|Project by Jeff Waggoner||posted 05-16-2012 09:49 PM||4061 views||6 times favorited||10 comments|
This is Jalen’s project for his first year of student competition. He turned 14 hr while working on it.
He placed first at Regional’s and tomorrow we leave for International’s.
This is a link to more photos. https://picasaweb.google.com/107247091487085088497/BlackerArmChair?authuser=0&feat=directlink
This is copy from his report.
This particular piece took an immense amount of research to even know where to start. I had never built a chair before so I first built a prototype; although not complete it gives good help for the later critical stages.
1. I started making a full-sized drawing on poster board to determine overall size and angles.
a. I initially contacted several people who had built this chair and offer classes, to try to find plans and dimensions.
b. I also looked for any info I could find on the original design by the Greene brothers and the Hall brothers.
2. I then turned that into a prototype using poplar. In the process I developed several jigs to perform different functions in the making. A Darrel Peart book described some on the jigs that he uses as well as Jeff Miller’s excellent book on chair-making.
3. I went to Northwest lumber company in Indianapolis to purchase my lumber. I bought a “mahogany”. All of the wood for the entire chair was made out of one piece of mahogany to get the most consistent color match.
(Interestingly enough the board that I bought for this year’s project was from the same tree my older brother used to make his senior year project)
4. I re-sawed the board on the band-saw to rough dimensions.
5. I rough milled the lumber using a combination of planner, jointer, miter-saw, and table-saw.
6. I let the cut pieces of mahogany acclimate for a week before continuing. (This was a very good idea because when the moisture stabilized the boards warped and in some cases there was some
cracking.) (Figured a picture of wood leaning against a wall for a week would be boring. The video is pretty slow too).
7. I was able to work around the cracked boards for the final milling process.
8. I cut the front legs-which are parallelograms-then I cut the bottom part of the back legs- which are trapezoid-leaving the top rough because they are cut based like the final product of the crest rail.
9. I cut the tenons to fit into the mortises for the front and back legs.
10. I made the H-frame for the bottom of the chair, fitting it together with mortis and tenons.
11. I shaped the bottoms of the feet with several rasps.
12. I cut out the rough shape of the crest rail using my band-saw and table-saw and cut the mortises for the back legs with my hollow chisel mortiser.
13. I cut the tenons for the back legs to fit into the mortises of the crest rail.
a. I had to create a special jig for the router to establish the thickness of the tenon so I could use a dovetail saw to cut the tenons to width.
14. I shaped the back legs using a combination of the band-saw, spoke shaves, chisels, plans, drawknife and rasps.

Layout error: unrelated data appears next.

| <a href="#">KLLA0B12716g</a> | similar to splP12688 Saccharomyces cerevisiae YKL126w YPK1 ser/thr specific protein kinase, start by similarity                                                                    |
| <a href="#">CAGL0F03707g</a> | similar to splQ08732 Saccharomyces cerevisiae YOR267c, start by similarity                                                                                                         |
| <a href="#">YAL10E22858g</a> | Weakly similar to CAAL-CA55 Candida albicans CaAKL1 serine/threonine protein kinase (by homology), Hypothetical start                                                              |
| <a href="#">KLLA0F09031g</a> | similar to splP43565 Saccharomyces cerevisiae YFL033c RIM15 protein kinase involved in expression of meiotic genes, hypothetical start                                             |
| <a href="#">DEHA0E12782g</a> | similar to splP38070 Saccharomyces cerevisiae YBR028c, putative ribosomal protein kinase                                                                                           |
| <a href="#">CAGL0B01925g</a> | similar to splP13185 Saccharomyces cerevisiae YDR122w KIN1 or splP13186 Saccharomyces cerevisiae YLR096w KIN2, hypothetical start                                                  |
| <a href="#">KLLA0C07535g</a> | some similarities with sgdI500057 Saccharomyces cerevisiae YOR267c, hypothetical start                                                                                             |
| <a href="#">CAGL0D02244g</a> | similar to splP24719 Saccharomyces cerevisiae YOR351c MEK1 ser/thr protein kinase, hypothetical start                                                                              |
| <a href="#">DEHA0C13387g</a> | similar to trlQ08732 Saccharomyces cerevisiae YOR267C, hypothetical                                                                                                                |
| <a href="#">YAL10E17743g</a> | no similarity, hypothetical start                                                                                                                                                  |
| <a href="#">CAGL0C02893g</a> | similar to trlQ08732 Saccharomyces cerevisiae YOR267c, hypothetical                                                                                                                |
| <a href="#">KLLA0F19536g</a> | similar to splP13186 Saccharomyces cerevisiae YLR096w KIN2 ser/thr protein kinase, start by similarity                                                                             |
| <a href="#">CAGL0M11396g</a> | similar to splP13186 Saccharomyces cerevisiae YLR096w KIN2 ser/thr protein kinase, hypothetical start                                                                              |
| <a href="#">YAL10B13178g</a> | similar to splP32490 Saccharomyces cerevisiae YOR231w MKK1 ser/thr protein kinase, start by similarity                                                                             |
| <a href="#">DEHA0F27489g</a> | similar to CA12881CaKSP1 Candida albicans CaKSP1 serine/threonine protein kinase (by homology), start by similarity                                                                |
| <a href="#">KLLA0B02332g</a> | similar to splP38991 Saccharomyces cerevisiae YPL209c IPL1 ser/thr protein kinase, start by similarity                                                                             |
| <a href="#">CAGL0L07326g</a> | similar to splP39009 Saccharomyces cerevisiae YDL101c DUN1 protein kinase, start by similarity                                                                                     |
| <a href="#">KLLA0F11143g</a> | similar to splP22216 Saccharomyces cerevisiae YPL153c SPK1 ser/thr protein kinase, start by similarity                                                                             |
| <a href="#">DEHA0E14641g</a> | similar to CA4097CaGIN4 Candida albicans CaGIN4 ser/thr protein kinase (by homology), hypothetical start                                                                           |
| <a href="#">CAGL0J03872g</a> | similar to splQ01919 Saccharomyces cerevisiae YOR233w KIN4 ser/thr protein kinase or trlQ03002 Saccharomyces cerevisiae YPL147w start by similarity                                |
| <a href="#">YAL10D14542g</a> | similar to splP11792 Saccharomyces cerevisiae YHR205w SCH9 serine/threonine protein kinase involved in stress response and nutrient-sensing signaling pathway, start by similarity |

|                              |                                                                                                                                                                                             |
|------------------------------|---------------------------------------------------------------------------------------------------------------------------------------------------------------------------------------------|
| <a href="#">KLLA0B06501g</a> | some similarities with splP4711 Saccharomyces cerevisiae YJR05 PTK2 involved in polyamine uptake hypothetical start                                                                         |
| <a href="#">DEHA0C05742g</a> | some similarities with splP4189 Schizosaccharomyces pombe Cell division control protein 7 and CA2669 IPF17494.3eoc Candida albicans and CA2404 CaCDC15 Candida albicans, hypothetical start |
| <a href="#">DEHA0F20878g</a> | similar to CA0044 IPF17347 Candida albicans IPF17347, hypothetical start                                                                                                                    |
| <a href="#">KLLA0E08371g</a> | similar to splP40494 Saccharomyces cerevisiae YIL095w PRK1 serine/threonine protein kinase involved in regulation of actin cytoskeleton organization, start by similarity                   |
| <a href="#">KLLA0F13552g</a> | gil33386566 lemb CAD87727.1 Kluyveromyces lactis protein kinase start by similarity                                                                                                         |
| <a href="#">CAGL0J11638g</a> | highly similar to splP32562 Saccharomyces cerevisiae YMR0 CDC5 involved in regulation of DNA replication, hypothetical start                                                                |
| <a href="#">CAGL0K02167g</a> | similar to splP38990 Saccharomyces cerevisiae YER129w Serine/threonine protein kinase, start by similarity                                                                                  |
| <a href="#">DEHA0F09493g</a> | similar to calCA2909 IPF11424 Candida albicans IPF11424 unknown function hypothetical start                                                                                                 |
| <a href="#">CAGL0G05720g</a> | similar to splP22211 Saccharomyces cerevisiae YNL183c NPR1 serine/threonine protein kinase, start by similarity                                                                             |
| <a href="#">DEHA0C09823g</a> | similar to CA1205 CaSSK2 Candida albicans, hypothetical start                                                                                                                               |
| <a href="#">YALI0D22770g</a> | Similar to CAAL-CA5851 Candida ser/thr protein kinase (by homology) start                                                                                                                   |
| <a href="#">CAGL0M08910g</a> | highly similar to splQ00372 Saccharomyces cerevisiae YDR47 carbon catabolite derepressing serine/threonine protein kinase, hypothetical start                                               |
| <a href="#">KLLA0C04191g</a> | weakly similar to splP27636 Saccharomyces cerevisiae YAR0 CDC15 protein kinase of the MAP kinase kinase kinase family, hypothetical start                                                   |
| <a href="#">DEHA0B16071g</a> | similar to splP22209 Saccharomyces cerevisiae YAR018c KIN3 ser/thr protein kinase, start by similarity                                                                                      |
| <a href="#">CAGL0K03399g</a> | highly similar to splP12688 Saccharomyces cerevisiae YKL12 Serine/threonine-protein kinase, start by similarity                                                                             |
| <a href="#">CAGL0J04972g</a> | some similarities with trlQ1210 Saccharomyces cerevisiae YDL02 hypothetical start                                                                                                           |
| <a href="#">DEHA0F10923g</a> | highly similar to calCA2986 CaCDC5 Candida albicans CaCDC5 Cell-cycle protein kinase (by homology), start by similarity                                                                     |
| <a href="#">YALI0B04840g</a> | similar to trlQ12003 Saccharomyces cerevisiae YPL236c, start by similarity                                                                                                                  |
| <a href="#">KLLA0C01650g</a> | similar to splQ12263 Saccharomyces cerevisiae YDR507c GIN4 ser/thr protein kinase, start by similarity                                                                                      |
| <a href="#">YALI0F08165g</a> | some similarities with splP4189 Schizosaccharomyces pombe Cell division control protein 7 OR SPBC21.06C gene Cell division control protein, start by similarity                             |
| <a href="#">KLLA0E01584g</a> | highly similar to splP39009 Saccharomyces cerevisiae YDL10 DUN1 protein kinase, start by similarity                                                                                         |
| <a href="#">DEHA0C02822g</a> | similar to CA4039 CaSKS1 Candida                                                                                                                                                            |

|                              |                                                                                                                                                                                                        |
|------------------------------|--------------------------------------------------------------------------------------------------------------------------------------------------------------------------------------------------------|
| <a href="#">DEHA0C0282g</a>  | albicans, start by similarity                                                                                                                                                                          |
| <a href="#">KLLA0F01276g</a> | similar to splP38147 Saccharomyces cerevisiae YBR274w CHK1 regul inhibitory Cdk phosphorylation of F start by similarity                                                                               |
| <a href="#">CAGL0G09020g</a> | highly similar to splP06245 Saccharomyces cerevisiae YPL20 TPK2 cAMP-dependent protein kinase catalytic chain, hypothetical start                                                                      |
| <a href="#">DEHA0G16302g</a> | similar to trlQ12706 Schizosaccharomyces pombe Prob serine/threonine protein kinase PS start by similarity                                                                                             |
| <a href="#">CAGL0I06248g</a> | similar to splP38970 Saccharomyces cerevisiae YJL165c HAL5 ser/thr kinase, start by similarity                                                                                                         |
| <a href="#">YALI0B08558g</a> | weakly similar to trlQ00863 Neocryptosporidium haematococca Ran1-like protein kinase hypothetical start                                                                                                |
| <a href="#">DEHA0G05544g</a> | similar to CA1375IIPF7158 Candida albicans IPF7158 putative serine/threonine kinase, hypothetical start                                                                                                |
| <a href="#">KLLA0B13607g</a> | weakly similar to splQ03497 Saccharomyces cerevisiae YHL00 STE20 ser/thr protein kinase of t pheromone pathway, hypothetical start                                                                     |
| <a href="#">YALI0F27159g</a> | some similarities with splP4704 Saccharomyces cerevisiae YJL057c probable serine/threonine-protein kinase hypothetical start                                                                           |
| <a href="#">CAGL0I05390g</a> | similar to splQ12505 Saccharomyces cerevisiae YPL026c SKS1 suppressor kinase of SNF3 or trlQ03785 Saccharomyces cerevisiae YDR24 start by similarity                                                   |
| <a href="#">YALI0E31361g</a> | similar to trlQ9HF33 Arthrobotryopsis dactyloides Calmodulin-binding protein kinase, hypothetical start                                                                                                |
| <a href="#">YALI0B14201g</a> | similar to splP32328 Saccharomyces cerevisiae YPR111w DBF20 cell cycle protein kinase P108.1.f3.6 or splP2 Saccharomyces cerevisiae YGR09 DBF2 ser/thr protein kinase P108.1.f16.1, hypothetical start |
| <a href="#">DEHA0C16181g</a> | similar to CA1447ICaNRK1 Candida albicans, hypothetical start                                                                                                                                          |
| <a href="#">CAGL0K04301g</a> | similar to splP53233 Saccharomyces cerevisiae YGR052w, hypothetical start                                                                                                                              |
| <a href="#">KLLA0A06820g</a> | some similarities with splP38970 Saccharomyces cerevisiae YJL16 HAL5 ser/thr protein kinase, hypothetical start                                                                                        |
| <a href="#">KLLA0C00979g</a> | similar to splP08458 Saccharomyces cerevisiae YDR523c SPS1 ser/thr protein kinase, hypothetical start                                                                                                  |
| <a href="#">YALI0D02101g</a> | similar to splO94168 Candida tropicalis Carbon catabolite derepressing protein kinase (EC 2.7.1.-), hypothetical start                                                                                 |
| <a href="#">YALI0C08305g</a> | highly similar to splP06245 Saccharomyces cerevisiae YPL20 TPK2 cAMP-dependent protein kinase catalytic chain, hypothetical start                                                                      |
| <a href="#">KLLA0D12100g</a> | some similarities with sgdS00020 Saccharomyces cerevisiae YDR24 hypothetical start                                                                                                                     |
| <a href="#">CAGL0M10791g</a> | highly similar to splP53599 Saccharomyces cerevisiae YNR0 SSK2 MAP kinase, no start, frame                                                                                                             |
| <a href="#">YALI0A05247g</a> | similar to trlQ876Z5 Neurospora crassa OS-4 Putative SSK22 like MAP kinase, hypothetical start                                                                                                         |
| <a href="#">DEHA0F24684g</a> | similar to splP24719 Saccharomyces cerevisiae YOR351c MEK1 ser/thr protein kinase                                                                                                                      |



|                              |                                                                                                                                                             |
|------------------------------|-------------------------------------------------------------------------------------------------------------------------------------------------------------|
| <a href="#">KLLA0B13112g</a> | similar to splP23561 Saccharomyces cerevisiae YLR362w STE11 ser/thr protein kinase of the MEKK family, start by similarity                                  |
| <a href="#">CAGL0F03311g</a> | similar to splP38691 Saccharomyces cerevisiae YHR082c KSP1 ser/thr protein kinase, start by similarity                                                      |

15. I cut the design for the back rail using a combination of the band-saw, router and rasps.
16. I cut the rough shape and size of the back splat using the band-saw. I then shaped it to final dimensions using a combination of the band-saw, plane and rasps.
17. I cut the tenons for the back splat a combination of the table-saw, band-saw, chisels and dovetail saw.
18. I cut the rough shape and size of the spindles using the band-saw.
19. I cut the tenons for the spindles using a combination of the band-saw, chisels and dovetail saw.
20. I shaped the spindles using a combination of band-saw, spoke shaves, and plane. This step and the process was a lot more difficult and was a lot more time consuming then I had thought: possibly the most difficult part of the chair. I ended up making a paper template of all four sides since they are all unique. I used these to trace onto the spindle to guide our band sawing and shaping. I then cut mortises into the spindles to accept the ebony blocks I used for decoration. The angles in the back splat and spindles made this very challenging.
21. To figure out the size and shape of the arms, I drew out the top elevation and the side elevation. I then used tracing paper to copy the design and then used spray adhesive to attach it to a piece poplar. I cut that out to get an idea what it would look like before cutting the mahogany. I made several changes re-cutting and shaping until I found the design I liked. I then used that template to create the final arms.
For a finish I used General Finishes Arm-R-Seal, oil urethane topcoat. Then I finished it with a renaissance wax applied with 0000 steel wool. I buffed it out with a rag.
Several professional woodworkers that I communicated with encouraged us to pick a less ambitious project as this chair is considered to be one of the more difficult projects. I logged my hours and including the prototype I have about 182 hrs. This did not include researching books and web-sites. I am very happy with the result.
-- Jeff Waggoner, https://www.facebook.com/PlaneOldWood/